What is a Desmoid Tumor?
Desmoid tumors (also known as aggressive fibromatosis, desmoid fibromatosis, and desmoid-type fibromatosis) are rare, locally invasive, soft tissue tumors that form in the connective tissues of the body. They can occur anywhere in the body. Common sites include the abdominal muscles, inside the abdomen, the head and neck area, trunk, breast, and the extremities.
Desmoid tumors do not have the ability to metastasize (i.e., spread through the blood or lymph system to other distant locations or organs), but in some rare cases, an individual can have more than one desmoid tumor (also called “multifocal”).1
Although desmoid tumors do not metastasize, they can be locally aggressive and severely damage surrounding tissues and vital structures as they grow. They also have a high rate of regrowth or “recurrence” after surgery, and should be monitored long-term in most cases.
For more information about diagnosis, treatment and pain management of desmoid tumors, patients and clinicians should consult the Global Consensus Paper published in the European Journal of Cancer (EJC) entitled “The management of desmoid tumours: A joint global consensus-based guideline approach for adult and paediatric patients.”
What causes desmoid tumors?
The majority of desmoid tumors occur spontaneously or randomly, meaning there is no clear cause or pre-existing condition related to the desmoid tumor. These “spontaneous” desmoid tumors often have a mutation in the beta-catenin (CTNNB1) gene. A mutation is a change in the DNA or “blueprint” of the gene. Importantly, in these cases, the mutant beta-catenin gene is only found in the desmoid tumor and is not present in the other cells of the body, is not inheritable, and cannot be passed to children.
On the other hand, approximately 5-10% of all desmoid tumor cases are related to a rare genetic condition known as familial adenomatous polyposis (F.A.P.), which is an inheritable condition that can run in families or be passed to children. F.A.P. is caused by a mutation in the APC gene that is present throughout all of the cells of the body.2 Individuals with F.A.P. have a higher risk of colon cancer than the general population, and may have inherited the APC gene, or could pass it along to children. The only way to know for sure if the desmoid tumor is related to F.A.P. is to have genetic testing through a blood test or cheek swab.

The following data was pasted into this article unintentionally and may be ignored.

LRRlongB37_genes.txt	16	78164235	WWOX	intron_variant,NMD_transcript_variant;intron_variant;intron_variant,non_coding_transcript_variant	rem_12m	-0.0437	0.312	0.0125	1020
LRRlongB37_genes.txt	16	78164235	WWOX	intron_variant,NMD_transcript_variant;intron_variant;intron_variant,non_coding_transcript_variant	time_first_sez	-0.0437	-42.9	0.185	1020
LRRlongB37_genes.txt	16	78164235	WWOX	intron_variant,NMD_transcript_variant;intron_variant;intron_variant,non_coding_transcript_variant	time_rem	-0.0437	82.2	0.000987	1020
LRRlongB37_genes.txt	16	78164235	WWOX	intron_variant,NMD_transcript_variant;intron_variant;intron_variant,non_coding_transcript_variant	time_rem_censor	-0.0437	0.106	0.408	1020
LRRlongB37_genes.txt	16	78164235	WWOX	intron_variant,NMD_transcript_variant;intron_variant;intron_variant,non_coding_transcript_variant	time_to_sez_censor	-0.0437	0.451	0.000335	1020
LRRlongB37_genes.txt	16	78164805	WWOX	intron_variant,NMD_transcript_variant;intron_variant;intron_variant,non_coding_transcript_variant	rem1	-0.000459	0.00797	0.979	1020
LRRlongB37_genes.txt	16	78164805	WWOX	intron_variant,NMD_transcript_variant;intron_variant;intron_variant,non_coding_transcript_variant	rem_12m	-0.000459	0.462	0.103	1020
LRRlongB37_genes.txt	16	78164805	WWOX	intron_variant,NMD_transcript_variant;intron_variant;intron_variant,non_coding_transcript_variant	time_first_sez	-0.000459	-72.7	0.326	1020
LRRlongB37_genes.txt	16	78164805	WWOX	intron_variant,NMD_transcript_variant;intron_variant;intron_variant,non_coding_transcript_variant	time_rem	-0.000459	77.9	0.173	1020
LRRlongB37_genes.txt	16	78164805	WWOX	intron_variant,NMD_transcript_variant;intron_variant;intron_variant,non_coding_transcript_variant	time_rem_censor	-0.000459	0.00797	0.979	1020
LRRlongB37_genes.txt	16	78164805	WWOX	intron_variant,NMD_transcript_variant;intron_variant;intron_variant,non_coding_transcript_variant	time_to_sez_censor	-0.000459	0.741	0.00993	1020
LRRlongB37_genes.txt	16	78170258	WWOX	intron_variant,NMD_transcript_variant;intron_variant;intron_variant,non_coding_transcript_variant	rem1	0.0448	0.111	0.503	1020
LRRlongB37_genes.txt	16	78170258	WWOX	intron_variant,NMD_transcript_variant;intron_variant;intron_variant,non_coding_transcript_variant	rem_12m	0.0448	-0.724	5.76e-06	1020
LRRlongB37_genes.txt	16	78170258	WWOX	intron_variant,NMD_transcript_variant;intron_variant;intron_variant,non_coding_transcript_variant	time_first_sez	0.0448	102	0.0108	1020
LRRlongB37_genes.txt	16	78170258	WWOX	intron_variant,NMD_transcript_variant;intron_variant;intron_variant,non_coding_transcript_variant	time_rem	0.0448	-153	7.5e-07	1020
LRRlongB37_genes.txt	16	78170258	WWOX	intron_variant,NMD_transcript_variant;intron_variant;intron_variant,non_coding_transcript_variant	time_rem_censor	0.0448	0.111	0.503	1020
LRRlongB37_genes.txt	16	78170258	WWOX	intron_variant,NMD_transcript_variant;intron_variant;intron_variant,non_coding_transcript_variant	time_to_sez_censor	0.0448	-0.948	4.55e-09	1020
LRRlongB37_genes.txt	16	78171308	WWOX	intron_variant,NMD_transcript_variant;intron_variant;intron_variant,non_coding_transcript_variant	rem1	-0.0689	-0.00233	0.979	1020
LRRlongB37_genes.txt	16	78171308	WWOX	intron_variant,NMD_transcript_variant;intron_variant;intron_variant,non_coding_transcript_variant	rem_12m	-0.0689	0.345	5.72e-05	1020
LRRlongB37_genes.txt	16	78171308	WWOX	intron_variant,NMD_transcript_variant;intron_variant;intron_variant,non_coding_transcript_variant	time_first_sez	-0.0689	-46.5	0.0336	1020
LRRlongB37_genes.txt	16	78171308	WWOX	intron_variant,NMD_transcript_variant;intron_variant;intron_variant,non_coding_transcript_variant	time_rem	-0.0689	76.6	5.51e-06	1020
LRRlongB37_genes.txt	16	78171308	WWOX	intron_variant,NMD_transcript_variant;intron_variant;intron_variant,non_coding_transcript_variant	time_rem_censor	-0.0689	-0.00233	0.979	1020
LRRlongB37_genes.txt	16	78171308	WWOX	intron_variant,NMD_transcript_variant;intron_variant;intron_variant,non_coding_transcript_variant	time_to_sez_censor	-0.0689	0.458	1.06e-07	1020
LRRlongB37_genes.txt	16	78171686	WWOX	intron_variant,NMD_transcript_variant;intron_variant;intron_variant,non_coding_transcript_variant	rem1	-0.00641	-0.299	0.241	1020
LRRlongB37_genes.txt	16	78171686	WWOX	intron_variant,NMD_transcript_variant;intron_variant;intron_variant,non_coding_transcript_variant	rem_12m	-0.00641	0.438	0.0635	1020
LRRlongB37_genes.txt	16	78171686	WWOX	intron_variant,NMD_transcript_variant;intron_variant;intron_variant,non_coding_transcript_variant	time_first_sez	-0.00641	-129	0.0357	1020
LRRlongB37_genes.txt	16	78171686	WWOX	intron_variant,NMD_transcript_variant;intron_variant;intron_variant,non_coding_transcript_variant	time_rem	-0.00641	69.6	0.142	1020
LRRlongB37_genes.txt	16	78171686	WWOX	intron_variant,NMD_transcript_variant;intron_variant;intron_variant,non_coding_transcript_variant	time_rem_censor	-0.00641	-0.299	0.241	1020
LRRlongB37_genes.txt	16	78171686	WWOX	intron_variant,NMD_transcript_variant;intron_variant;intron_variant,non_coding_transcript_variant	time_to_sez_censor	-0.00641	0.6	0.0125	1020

Signs and Symptoms
Symptoms from desmoid tumors vary greatly depending on the tumor location but can include pain, swelling, visible deformities, impact on mobility, and pressure on nearby organs affecting bodily functions such as urinary or bowel function, breathing, or swallowing. By contrast, some patients may have no symptoms at all and no visible physical manifestation of the tumor.
Learn more about diagnosis and the causes of desmoid tumors.
How are desmoid tumors classified? Are desmoid tumors cancer?
You will find that the medical community, articles and other sources will use differing terms when describing desmoid tumors. This can be confusing to patients as well as clinicians, and can lead to misunderstandings about treatment and minimize consideration of the potential serious consequences of the disease.
First, what is a “tumor?” A tumor is a non-specific term that simply means “a growth.” The word “tumor” does not imply anything about whether the growth is cancerous or non-cancerous.
Patients often ask, “Are desmoid tumors cancer?” The classifications set out by the World Health Organization (the “WHO”) for soft tissue tumors are the most decisive and descriptive on this question.3 The WHO classifies soft tissue tumors in the following four categories:
- intermediate (sometimes metastasizing),
- intermediate (locally aggressive) [desmoid tumors],
Malignant tumors spread to distant sites via the bloodstream or the lymphatic system. This spread is called metastasis. Desmoid tumors do not metastasize. For this reason, some sources will inaccurately use the simple term “benign” when referring to desmoid tumors, presumably because “benign” is a common medical term for a tumor that does not metastasize. However, the term benign does not take into account that desmoid tumors can cause destruction, functional problems, or pain in the area where they are growing. This is why the WHO categorizes desmoid tumors as “locally aggressive,” and the WHO guidelines go on to explain: “It is now broadly accepted that in between benign and malignant categories there exists an ‘intermediate’ category of lesions that can be locally aggressive,” and desmoid fibromatosis is classified in that intermediate category.3
It is important to note that desmoid tumors do not always behave aggressively. Some never cause symptoms, problems, or need to be treated.
LIVE: “What’s in a Name? ‘Cancer’ & Desmoid Tumors”
What kind of doctors treat desmoid tumors?